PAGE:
My friend John brought over Mr. T and a Banksy Rat.


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So my stuff has arrived in Seattle and I finally found the cable that connects my camera to my computer. So here's a few posts that have been in limbo for the last month.

First up, to celebrate graduation my Father, my housemate Youhei, my friend Glenn and I all went on a half day charter on the Sonny Boy out of Crandon Marina on Key Biscayne.

Fishing was good, the seas not so much. Off shore the seas were 6-8 feet. So things were ... bouncy. But after a rough time picking up bait we set the kites and almost immediately the first sailfish was on. I was closest to the rod and so the first one fell to me. It was the second sail I've caught, and it fought much more than the first. However, shortly after we boated and released it my inevitable decline began.

Normally I don't really get seasick. But just in case I'd taken a bonine that morning, and had been eating some crystallized ginger. Alas, it was not sufficient. I felt like Rainier Wolfcastle being swept away by the radioactive tidal wave while filming the Radioactive Man Movie ("My eyes! Ze goggles do nothing!") The seas were intense, and after taking the above photos of my dad catching the next sail, I had apparently not spent enough time staring at the horizon. The next four hours were...vomitastic.

I was able to raise my head off the rail to take a few more photos though. A highlight of the trip was Youhei's first time fishing. Ever. He spent an epic fight against a good 30lb kingfish until...chomp! Huge cuda took off the back 1/3 of the fish! Still, it left most of the good steaks.

Glenn caught a sail himself, and we got two cudas. Normally I don't eat barracuda due to ciguatera but since I was moving (and frankly, you'll get it from snapper and grouper too) I said screw it and took one of the cudas (filleted) home. I made it into a huge bowl of ceviche for a graduation party at Glenn's that night.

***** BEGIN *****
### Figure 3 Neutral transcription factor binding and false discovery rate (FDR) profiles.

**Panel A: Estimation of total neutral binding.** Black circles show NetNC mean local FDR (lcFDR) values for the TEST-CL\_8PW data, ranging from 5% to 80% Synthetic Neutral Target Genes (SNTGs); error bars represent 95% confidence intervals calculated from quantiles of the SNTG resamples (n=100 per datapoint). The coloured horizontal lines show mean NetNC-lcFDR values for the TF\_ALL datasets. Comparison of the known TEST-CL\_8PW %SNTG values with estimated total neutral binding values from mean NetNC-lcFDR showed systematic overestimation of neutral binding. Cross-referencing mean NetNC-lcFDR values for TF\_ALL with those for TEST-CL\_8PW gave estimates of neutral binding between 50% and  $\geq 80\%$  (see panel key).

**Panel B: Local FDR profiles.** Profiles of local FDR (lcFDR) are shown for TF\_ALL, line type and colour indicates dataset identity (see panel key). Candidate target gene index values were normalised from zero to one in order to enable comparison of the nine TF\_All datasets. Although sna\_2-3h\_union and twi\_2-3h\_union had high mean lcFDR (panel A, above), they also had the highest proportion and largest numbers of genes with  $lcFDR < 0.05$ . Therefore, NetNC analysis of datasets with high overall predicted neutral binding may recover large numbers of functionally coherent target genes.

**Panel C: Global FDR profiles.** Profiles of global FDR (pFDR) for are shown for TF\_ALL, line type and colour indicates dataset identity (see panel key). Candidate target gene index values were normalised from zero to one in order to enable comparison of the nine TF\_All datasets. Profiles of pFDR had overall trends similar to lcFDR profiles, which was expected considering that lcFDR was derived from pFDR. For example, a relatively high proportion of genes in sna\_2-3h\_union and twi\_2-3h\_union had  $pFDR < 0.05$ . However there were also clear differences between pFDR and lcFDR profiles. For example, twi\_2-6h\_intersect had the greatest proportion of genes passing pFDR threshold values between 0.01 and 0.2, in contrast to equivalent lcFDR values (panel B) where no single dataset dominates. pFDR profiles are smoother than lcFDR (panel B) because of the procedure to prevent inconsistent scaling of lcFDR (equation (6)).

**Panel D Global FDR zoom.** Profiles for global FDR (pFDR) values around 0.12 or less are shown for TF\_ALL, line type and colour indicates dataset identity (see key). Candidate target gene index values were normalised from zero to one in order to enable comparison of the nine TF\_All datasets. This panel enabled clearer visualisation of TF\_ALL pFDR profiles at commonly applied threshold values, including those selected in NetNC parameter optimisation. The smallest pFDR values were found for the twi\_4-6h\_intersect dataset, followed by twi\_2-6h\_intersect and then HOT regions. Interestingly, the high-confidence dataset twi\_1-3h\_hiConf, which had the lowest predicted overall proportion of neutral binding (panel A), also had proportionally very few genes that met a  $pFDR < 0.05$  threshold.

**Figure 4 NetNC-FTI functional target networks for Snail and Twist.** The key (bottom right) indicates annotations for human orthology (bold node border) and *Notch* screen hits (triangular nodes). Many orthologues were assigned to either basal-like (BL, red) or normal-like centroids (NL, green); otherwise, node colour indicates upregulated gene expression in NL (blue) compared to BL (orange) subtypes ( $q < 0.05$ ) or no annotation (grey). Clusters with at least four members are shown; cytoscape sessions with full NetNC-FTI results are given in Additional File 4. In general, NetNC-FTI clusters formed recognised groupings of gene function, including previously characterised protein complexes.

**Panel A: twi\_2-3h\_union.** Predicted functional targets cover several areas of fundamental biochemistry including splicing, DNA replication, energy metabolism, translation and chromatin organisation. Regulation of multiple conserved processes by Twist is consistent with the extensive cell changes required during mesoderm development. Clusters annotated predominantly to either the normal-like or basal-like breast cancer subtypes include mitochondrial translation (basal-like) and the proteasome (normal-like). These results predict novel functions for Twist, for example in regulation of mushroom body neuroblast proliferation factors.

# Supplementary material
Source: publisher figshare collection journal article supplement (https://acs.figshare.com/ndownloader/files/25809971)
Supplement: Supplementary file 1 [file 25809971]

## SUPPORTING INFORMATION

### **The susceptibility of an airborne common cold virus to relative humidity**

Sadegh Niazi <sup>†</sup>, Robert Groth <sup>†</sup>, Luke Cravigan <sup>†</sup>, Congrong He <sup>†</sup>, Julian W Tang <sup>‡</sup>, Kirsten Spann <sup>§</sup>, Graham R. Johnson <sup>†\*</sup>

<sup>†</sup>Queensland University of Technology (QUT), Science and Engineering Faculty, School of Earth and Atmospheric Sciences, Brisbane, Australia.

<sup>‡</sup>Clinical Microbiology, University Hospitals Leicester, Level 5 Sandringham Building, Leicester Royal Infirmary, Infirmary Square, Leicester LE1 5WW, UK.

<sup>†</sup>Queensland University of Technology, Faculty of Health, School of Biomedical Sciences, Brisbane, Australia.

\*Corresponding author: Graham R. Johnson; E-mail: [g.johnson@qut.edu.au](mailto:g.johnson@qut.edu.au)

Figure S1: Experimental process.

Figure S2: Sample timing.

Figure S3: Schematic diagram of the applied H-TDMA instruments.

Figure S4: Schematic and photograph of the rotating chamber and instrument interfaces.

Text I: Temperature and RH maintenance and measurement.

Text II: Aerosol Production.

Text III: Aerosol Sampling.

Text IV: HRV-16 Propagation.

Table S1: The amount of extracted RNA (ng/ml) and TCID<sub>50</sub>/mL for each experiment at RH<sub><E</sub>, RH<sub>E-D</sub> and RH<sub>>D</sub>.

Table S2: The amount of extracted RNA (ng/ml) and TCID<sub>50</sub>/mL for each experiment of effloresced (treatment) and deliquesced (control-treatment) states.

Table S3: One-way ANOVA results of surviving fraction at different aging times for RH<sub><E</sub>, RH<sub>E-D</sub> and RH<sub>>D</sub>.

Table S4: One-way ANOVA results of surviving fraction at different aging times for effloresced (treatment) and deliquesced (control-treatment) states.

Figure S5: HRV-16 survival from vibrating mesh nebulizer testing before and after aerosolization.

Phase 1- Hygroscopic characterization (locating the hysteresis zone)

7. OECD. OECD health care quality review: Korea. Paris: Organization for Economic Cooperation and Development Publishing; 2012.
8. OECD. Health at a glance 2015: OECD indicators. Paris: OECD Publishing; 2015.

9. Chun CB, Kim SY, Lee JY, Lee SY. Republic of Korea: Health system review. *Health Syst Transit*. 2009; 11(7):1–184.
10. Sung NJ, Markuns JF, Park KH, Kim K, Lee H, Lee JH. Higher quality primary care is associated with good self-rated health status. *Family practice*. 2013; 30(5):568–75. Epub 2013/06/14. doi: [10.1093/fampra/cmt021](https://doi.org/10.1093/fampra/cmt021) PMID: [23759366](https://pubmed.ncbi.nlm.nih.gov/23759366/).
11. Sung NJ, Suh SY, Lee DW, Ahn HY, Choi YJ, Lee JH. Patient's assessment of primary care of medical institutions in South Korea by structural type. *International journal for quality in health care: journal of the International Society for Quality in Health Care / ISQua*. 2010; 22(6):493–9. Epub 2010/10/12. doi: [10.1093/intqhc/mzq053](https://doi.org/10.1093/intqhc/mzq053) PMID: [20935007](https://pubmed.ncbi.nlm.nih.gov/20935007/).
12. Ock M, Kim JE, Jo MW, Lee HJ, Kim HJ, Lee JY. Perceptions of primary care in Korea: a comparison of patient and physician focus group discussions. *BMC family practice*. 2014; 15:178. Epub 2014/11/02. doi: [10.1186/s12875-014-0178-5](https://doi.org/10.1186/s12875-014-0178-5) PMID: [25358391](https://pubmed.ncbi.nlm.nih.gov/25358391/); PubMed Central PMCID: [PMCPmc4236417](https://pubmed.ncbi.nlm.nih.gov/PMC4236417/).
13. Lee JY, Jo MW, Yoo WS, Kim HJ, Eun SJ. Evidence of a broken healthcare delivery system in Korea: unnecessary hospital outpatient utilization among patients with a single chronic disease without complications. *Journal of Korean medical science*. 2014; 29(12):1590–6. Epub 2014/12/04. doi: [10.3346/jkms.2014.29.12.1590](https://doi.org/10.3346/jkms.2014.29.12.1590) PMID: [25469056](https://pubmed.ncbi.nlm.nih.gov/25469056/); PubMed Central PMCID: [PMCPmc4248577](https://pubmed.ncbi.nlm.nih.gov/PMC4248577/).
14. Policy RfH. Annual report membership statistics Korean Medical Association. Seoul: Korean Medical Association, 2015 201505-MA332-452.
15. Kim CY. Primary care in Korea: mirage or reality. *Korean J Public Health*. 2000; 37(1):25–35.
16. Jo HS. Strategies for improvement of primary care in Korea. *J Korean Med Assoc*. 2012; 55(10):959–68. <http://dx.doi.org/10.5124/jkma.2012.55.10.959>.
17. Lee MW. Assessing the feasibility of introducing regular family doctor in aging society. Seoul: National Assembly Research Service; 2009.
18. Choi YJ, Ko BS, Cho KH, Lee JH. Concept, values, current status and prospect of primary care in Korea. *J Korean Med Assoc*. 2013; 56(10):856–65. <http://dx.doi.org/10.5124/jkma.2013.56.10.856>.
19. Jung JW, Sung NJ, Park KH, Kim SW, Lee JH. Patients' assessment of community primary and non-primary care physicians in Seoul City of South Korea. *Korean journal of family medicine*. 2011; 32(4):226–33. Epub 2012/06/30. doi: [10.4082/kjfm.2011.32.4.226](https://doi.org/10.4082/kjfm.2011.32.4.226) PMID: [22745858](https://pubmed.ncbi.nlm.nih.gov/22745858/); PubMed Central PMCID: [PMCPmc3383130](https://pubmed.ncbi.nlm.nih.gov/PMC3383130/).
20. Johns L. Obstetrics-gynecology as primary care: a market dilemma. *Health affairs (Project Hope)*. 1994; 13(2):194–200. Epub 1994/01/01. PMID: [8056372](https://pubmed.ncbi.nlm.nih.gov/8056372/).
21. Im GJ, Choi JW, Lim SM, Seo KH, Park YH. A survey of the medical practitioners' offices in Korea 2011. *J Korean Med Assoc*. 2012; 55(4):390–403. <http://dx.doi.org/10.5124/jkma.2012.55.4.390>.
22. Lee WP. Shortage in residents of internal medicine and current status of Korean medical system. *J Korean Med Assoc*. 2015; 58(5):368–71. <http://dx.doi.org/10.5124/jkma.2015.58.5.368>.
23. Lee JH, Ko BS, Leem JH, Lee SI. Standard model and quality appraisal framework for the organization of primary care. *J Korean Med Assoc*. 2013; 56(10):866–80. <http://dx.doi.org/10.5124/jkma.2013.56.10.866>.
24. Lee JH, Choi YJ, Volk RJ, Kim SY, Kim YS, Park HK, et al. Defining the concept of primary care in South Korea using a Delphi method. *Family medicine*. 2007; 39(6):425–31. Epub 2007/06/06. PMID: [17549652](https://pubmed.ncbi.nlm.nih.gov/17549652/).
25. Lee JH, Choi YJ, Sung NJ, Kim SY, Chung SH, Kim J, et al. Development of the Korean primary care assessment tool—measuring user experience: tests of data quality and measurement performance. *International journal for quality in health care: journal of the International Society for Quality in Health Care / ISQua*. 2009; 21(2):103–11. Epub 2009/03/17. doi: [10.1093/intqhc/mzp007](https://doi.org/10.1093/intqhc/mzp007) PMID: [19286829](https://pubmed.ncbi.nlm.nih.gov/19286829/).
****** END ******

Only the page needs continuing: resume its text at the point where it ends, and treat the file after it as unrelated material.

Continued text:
It was easily, hands down, the best ceviche I have ever made and or/had. Cuda is delicious.

Kingfish however has the problem of being very, very fishy. And we had about 10 one-pound steaks of it. So I was determined to find a way to make it tasty. To my delight I found three.

Walker's Wood Jerk Kingfish. Use the jerk marinade, it's delicious and overpowers any unpleasant taste on anything. It's the reason I completely gave up ever bothering to make my own jerk marinade. It simply can't compete with the real thing.

Grapefruit and Garlic Kingfish. Marinate the steaks in grapefruit juice with a little salt, pepper, and garlic. The acid does a bit of a ceviche thing on the fish and cuts the fishiness way back, while the garlic goes well with the sourness.

Soy-Miso-Shochu Kingfish. Youhei gets the credit for this one. A paste of miso, soy, and shochu.

Lay foil on the grate and grill. (You could probably oil a clean grill, but we grilled these for a party in which a wide variety of things would hit the BBQ and didn't want to make everything fishy.) All three were superb. Frankly, with kingfish freshness counts for a lot.